Innovation in a 19th century ambience: with their cosmetics brand Officine Universelle Buly, Victoire de Taillac and Ramdane Touhami combine antique decor with modern science. And in doing so, they’re causing a stir around the world.

Antiques with a modern twist

Roman plaster busts stand next to old brass jugs and an antique thermometer. A sign proclaims: “We serve hot and iced coffee.” The shop window of the Officine Universelle Buly in Rue Saintonge in Paris arouses curiosity. The same goes for the interior – richly decorated walnut furniture, a marble counter and shop assistants who, in their uniforms consisting of a white blouse and dark blue pleated skirt, look like they’ve come from a different era. 

On a warm late summer morning, we have an appointment here with Victoire de Taillac, who will be joined later by her husband Ramdane Touhami. The couple are the founders of this unique universe. This curious shop isn’t a museum of antique shop fittings, but one of a total of 25 Buly universal pharmacies. It’s a shop selling natural cosmetics, perfumes and special toiletries. You can also find Mühle products here.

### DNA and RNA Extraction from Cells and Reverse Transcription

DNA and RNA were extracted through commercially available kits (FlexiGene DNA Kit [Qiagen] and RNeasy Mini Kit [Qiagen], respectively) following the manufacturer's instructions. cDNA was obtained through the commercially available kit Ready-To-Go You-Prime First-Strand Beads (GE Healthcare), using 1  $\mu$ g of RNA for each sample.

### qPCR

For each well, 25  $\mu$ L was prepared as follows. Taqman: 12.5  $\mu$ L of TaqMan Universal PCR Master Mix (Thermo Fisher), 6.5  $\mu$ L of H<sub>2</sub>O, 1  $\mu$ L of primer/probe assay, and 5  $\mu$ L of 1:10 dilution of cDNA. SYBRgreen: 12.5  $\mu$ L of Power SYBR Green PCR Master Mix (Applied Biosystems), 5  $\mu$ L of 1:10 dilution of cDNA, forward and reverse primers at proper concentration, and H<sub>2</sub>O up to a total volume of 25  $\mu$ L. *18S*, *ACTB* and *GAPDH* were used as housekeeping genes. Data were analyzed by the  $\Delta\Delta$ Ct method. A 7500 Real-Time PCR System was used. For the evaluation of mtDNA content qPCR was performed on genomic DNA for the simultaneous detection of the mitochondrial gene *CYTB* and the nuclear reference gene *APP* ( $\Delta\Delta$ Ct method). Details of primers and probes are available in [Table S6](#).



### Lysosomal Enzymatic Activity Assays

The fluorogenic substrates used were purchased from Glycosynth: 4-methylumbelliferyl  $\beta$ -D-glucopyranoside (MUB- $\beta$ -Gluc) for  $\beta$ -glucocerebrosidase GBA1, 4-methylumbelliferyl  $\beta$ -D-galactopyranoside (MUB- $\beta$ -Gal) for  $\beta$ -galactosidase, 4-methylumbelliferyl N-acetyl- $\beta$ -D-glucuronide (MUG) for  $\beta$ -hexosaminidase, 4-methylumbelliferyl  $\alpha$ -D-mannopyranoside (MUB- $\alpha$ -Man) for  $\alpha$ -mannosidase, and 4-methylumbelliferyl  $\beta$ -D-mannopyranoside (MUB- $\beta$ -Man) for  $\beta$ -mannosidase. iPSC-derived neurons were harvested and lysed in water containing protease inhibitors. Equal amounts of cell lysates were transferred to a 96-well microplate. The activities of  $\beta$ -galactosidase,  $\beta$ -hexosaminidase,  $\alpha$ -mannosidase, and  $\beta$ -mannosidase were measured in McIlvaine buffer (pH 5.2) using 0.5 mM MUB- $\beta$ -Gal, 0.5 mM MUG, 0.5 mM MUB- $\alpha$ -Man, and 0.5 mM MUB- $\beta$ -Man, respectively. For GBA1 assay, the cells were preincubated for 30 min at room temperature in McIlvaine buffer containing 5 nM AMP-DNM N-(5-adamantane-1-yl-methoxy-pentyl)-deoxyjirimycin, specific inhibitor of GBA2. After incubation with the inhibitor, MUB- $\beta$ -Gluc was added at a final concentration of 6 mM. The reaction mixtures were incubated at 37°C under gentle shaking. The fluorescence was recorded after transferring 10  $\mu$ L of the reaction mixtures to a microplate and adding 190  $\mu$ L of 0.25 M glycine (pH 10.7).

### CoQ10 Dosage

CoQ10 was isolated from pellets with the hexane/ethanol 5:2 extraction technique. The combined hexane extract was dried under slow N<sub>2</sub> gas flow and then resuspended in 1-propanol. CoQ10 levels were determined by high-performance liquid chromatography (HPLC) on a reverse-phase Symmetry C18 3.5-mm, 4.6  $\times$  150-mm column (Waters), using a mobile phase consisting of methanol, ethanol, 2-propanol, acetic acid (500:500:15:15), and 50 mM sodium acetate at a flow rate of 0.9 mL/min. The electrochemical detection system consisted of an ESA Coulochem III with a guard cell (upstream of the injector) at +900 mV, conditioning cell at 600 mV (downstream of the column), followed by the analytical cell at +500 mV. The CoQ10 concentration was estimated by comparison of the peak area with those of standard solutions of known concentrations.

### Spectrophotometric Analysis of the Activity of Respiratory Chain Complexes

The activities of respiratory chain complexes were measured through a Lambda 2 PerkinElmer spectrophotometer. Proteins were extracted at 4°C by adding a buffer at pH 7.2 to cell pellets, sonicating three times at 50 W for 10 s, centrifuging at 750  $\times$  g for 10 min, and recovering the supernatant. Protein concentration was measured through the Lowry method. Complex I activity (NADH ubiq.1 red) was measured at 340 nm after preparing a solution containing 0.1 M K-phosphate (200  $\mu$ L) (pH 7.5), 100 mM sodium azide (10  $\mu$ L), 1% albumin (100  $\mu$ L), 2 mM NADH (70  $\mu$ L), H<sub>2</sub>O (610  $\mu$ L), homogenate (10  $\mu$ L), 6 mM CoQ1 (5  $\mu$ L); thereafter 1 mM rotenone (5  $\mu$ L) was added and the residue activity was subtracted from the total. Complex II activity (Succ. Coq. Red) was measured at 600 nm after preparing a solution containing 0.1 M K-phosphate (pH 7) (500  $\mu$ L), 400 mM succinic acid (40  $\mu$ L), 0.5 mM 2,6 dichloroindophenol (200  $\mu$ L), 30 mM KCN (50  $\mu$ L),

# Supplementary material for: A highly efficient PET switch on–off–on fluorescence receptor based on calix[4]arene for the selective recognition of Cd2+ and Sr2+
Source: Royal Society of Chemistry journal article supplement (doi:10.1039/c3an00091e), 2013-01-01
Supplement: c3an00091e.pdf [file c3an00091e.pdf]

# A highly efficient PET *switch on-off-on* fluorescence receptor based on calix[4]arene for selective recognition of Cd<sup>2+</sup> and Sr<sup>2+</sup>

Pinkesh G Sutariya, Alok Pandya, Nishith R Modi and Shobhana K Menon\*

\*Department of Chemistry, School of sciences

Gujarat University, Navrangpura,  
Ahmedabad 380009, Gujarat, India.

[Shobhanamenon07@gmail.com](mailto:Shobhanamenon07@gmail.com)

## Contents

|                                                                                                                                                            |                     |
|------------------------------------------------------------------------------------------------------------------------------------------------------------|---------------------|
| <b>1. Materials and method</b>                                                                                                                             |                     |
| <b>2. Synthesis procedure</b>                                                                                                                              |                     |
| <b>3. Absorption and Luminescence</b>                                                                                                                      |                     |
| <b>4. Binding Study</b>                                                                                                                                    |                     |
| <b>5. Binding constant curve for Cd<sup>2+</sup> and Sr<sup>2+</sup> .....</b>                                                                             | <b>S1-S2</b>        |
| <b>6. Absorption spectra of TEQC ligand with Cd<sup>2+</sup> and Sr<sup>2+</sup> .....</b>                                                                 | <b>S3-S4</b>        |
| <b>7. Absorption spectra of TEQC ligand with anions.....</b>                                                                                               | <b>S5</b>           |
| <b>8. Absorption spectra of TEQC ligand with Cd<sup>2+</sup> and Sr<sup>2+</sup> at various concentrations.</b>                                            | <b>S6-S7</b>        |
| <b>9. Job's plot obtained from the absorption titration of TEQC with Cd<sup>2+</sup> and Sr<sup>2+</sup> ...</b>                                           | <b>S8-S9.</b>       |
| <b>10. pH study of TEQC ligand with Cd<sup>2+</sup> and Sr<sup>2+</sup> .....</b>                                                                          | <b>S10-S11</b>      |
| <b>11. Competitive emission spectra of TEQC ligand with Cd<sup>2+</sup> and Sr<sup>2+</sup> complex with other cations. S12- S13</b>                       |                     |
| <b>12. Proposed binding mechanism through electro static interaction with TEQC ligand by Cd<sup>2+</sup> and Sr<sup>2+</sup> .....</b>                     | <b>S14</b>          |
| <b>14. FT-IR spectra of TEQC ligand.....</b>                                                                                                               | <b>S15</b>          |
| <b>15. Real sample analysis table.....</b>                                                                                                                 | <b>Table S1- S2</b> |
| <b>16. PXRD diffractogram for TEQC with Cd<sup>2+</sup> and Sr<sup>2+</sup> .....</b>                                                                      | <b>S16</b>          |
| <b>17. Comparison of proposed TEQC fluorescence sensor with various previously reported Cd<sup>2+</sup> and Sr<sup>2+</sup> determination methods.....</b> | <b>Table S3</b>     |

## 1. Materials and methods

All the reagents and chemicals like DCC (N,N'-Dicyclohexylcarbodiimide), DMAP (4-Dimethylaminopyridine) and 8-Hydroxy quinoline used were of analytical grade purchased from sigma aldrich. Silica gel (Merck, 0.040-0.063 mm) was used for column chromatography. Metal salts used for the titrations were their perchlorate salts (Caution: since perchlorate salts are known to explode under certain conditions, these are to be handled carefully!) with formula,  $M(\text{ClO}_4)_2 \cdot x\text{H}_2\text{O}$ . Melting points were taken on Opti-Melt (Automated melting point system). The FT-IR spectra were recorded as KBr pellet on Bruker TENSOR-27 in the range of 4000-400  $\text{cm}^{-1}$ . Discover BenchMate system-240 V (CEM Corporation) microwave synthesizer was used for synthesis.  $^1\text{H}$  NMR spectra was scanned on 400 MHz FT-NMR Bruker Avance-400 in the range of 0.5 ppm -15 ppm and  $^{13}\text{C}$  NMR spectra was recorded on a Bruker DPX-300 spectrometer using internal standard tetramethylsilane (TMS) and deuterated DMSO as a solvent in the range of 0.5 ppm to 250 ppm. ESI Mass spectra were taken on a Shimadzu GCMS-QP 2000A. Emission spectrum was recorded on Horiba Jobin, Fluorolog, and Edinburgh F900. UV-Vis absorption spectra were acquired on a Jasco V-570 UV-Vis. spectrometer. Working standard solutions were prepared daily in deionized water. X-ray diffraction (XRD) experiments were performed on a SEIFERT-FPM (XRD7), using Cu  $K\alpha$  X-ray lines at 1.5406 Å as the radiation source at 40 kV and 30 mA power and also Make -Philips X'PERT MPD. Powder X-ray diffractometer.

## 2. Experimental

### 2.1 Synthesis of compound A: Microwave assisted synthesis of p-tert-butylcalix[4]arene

With an unusual range comprising pomades, pastes, creams, candles and perfumes and an extraordinary interior, Touhami and de Taillac are causing a stir. There are now four Buly shops in Paris and 21 more around the world. They can be found mainly in Tokyo, where the couple lived for a long time, and also in Milan, London and Seoul. Not only has Buly become a brand with global appeal, but the couple themselves also enjoy a certain popularity – the two have mastered the art of social media. 

Co-founder of the Buly cosmetics empire: Victoire de Taillac in the Marais shop in Paris
Dried flowers, antique furniture and all kinds of curiosities create a very special atmosphere